Study Explores Ketogenic Diet and Intermittent Fasting in Patients With Brain Cancer

Get Permission

More research into the efficacy of a modified ketogenic diet may be beneficial for people with brain tumors, according to a new study published by Schreck et al in the journal Neurology. The diet, which is high in fat and low in carbohydrates, led to changes in the metabolism in the body and the brain among patients with astrocytomas.  

The small study found that the diet was safe and feasible among patients in the study population—all of whom had completed radiation treatment and chemotherapy. The study was not designed to determine whether the diet could slow down tumor growth or improve survival.

“There are not a lot of effective treatments for these types of brain tumors, and survival rates are low, so any new advances are very welcome,” said study author Roy E. Strowd, MD, MS, MEd, of Wake Forest School of Medicine and a fellow of the American Academy of Neurology. “These cancer cells rely on glucose, or sugar, to divide and grow. Since the ketogenic diet is low in sugar, the body changes what it uses for energy—instead of carbohydrates, it uses what are called ketones. Normal brain cells can survive on ketones, but the theory is that cancer cells cannot use ketones for energy.”

Dietary Intervention Details

The study involved 25 people with astrocytomas. They followed a type of ketogenic diet—the modified Atkins diet with intermittent fasting—for 8 weeks. The diet includes foods such as bacon, eggs, heavy cream, butter, leafy green vegetables, and fish. Participants met with a dietician at the start of the study and then every 2 weeks. Five days a week, they followed the modified Atkins diet, which combined carbohydrate restriction with high amounts of fats. Two days a week, they fasted, eating up to 20% of their recommended daily calorie amount.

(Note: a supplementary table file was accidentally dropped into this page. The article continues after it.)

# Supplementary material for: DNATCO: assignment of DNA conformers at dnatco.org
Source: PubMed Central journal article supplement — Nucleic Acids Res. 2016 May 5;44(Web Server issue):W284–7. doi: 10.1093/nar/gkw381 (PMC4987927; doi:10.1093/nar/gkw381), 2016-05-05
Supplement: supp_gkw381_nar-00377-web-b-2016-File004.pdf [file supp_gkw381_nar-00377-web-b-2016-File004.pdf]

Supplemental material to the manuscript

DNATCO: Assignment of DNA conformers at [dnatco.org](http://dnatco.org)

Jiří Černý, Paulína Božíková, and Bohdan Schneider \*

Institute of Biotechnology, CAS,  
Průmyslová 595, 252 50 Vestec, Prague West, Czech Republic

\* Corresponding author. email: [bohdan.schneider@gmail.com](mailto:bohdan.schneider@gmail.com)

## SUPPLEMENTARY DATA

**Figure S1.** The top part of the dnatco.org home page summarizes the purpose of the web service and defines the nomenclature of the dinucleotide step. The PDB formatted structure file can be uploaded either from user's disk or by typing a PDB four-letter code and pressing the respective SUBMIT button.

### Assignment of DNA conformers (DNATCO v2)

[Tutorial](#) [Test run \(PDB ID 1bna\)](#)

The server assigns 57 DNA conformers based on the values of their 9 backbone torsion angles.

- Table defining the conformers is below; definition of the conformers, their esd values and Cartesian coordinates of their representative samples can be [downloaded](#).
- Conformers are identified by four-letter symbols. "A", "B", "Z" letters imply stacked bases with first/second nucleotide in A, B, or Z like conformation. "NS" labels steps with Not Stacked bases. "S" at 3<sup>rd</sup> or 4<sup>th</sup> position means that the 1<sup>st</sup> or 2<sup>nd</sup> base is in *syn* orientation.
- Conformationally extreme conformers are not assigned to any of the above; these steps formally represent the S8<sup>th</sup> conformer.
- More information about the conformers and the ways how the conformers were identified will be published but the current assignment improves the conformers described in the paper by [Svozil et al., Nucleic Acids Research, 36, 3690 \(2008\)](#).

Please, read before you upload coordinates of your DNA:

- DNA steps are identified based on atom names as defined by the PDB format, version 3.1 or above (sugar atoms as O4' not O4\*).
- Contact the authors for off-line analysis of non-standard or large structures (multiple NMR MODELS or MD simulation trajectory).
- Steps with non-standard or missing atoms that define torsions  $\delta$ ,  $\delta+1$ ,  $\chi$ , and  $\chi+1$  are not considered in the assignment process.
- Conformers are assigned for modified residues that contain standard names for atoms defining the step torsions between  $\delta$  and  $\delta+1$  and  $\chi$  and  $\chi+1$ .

The main goal of the study was to see if people were able to follow the diet with no serious side effects. A total of 21 people completed the study, and 48% followed the diet completely, according to their food records. Urine tests showed that 80% of the people reached the level where their body was primarily using fats and protein for fuel, rather than carbohydrates.

The diet was well tolerated. Two people had serious side effects during the study; one was not related to the diet, and one was possibly related.

By the end of the study, changes in the metabolism in the body and the brain were seen. Hemoglobin A1c levels, insulin levels, and fat body mass all decreased, and lean body mass increased. Specialized brain scans that detect changes in brain metabolites showed an increase in concentrations of ketones and metabolic changes in the tumor.

“Of course, more studies are needed to determine whether this diet can prevent the growth of brain tumors and help people live longer, but these results show that the diet can be safe for people with brain tumors and successfully produce changes in the metabolism of the body and the brain,” said Dr. Strowd.

A limitation of the study is that study team members provided a high amount of contact with participants, which may not be feasible in a larger study or in routine clinical care.

Disclosure: The study was supported by Dr. John and Elaine Freeman; Dr. Jon Weingart; the Martz, Redwood, and Dalos families; the National Center for Advancing Translational Sciences, National Institutes of Health; and National Cancer Institute. For full disclosures of the study authors, visit

The content in this post has not been reviewed by the American Society of Clinical Oncology, Inc. (ASCO®) and does not necessarily reflect the ideas and opinions of ASCO®.